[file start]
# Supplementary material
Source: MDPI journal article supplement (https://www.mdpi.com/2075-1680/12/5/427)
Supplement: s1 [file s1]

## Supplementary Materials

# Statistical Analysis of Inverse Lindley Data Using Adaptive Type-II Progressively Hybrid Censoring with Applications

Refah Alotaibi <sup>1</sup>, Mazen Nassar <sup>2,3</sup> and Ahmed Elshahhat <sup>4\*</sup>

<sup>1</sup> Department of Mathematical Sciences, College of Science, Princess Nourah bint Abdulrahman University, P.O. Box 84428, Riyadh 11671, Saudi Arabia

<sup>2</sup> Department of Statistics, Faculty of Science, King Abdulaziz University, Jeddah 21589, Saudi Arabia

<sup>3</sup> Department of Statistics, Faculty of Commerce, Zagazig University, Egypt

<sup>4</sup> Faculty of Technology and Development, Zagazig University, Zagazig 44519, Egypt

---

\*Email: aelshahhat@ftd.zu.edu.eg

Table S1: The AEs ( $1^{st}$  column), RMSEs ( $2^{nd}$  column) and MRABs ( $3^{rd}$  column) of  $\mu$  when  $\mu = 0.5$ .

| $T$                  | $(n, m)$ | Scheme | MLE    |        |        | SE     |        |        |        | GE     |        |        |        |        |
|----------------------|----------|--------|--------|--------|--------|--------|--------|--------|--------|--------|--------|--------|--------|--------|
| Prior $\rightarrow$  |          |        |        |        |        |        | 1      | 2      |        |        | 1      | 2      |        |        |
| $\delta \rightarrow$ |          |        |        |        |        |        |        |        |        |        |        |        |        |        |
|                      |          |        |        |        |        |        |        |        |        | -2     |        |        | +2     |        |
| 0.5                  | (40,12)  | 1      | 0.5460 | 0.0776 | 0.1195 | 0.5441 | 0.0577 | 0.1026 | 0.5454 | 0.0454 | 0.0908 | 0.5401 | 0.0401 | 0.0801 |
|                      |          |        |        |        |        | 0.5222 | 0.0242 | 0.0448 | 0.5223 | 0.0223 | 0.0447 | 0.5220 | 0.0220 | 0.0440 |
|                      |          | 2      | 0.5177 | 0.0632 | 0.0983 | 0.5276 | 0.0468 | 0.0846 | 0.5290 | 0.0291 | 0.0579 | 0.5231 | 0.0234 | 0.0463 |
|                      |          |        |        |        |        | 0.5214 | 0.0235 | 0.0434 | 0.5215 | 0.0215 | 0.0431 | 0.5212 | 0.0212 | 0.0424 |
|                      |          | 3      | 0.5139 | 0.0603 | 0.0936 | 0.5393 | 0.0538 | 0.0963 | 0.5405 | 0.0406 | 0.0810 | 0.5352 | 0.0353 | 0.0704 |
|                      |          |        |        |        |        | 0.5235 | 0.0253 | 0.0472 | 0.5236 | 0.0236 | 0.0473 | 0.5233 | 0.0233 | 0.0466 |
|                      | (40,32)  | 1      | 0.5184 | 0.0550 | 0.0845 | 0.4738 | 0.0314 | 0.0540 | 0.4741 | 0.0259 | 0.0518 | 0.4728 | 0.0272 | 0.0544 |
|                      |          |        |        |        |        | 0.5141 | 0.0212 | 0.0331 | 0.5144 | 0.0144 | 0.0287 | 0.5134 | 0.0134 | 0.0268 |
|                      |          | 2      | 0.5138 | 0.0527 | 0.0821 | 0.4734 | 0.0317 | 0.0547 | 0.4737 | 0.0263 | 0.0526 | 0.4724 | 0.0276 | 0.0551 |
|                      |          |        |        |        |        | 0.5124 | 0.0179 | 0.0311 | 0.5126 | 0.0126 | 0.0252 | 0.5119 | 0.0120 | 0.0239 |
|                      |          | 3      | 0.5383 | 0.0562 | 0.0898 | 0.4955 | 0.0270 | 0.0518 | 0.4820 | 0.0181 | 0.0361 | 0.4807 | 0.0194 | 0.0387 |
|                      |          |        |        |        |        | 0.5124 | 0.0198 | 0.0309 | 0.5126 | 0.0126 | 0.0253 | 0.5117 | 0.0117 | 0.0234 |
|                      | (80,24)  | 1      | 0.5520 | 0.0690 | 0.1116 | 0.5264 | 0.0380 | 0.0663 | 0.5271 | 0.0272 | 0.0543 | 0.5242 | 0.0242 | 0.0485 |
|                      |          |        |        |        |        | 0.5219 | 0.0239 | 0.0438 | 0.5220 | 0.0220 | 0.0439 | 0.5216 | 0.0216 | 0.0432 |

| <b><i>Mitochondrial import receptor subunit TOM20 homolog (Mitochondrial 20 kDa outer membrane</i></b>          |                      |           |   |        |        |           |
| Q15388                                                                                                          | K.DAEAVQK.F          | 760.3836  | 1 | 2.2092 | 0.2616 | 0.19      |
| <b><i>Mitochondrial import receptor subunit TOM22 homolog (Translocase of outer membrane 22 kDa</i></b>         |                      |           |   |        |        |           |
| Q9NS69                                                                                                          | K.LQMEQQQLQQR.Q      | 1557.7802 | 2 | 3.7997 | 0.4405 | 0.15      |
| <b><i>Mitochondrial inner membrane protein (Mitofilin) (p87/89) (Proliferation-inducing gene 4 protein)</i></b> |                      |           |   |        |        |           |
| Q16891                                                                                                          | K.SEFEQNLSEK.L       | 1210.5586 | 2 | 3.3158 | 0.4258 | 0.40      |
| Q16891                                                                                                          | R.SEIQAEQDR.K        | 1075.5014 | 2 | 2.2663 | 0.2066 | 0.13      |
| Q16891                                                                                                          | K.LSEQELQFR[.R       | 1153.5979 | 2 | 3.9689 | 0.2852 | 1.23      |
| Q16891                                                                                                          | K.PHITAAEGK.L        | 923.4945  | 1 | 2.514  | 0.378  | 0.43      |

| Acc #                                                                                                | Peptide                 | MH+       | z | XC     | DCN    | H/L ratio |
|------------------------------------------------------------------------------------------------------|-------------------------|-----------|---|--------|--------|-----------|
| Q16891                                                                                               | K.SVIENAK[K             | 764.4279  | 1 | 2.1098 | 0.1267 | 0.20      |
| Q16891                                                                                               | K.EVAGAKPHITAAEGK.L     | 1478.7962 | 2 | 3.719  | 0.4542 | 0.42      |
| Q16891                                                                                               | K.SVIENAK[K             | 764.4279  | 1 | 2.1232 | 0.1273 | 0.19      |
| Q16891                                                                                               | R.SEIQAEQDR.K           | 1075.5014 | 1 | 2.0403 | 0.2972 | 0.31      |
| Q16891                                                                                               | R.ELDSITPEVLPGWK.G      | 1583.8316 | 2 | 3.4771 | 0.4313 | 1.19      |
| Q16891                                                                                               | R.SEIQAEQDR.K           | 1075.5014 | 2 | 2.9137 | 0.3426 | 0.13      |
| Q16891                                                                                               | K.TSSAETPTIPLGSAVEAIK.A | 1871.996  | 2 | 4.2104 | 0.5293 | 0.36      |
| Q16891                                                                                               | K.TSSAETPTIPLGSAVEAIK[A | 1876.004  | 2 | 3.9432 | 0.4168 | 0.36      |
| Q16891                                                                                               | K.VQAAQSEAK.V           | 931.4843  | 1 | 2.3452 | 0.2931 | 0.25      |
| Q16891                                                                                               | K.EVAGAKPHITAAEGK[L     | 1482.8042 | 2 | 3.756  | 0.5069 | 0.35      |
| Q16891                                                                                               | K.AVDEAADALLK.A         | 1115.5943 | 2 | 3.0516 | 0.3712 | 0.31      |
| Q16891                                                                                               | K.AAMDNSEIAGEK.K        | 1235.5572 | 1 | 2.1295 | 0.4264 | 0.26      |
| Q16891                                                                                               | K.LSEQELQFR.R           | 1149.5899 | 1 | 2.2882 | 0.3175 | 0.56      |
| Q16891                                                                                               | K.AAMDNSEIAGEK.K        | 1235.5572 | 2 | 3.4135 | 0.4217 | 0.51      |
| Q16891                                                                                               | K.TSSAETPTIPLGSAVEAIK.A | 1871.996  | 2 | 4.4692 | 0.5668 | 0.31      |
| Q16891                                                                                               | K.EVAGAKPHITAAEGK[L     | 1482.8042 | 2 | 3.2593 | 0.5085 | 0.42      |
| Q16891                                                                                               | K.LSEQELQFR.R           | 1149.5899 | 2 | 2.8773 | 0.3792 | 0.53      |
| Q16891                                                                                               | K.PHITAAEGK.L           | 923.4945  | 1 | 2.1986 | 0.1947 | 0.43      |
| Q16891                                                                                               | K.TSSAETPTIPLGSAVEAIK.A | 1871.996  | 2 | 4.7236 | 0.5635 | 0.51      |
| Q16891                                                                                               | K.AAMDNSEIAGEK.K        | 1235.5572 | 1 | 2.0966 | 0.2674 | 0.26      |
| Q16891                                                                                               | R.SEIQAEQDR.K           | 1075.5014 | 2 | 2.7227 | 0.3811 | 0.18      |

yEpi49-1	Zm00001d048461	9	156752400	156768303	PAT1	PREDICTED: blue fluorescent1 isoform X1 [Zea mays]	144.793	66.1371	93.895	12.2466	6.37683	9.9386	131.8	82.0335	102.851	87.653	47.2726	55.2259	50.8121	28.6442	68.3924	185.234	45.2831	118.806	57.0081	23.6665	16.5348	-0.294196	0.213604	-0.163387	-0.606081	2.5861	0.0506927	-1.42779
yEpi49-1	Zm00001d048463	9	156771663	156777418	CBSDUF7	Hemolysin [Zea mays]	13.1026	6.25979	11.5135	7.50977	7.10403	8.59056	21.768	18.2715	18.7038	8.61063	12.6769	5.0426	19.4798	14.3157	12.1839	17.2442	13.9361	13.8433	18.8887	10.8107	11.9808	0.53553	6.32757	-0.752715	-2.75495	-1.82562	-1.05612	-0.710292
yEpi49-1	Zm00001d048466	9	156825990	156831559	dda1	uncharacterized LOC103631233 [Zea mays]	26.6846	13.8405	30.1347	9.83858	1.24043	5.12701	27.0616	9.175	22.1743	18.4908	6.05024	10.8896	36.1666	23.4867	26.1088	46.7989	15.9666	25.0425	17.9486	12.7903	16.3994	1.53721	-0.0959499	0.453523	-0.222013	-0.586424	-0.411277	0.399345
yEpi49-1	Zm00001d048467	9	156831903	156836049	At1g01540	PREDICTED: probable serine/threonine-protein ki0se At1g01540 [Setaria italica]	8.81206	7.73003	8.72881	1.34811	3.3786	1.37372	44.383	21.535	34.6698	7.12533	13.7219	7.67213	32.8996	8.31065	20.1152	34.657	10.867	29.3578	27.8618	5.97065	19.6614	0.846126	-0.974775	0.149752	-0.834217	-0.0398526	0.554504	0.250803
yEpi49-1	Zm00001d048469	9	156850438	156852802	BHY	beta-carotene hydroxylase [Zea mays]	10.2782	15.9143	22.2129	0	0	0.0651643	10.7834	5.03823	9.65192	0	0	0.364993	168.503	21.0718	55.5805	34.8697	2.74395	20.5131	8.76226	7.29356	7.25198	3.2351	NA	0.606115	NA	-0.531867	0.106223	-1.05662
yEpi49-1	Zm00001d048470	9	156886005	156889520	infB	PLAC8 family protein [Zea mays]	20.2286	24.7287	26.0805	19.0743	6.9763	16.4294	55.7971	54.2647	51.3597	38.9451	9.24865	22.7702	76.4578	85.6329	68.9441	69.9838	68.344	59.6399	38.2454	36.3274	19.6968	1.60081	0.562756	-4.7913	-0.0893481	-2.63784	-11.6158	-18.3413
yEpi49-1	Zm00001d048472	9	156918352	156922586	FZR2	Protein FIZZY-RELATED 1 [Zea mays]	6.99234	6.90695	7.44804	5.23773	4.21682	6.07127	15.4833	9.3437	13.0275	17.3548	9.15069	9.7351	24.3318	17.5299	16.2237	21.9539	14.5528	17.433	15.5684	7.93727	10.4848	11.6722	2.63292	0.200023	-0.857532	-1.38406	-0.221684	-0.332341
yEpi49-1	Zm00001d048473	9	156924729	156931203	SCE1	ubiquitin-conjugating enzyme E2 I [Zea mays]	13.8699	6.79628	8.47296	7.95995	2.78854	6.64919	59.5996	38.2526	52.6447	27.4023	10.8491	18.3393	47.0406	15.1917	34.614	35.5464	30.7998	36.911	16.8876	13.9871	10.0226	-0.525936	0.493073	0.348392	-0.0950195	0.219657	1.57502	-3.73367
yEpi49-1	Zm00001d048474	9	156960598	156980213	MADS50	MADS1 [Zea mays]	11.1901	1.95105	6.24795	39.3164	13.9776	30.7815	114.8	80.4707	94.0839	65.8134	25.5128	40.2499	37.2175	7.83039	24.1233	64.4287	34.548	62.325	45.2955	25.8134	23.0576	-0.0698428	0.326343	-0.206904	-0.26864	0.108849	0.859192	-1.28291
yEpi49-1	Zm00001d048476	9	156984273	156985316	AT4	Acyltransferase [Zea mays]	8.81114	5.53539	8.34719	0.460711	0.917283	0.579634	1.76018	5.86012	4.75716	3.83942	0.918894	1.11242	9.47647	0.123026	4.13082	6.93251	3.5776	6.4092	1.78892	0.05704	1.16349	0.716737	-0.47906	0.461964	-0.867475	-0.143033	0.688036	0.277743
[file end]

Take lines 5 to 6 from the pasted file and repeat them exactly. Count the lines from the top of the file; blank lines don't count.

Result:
# Statistical Analysis of Inverse Lindley Data Using Adaptive Type-II Progressively Hybrid Censoring with Applications

Refah Alotaibi <sup>1</sup>, Mazen Nassar <sup>2,3</sup> and Ahmed Elshahhat <sup>4\*</sup>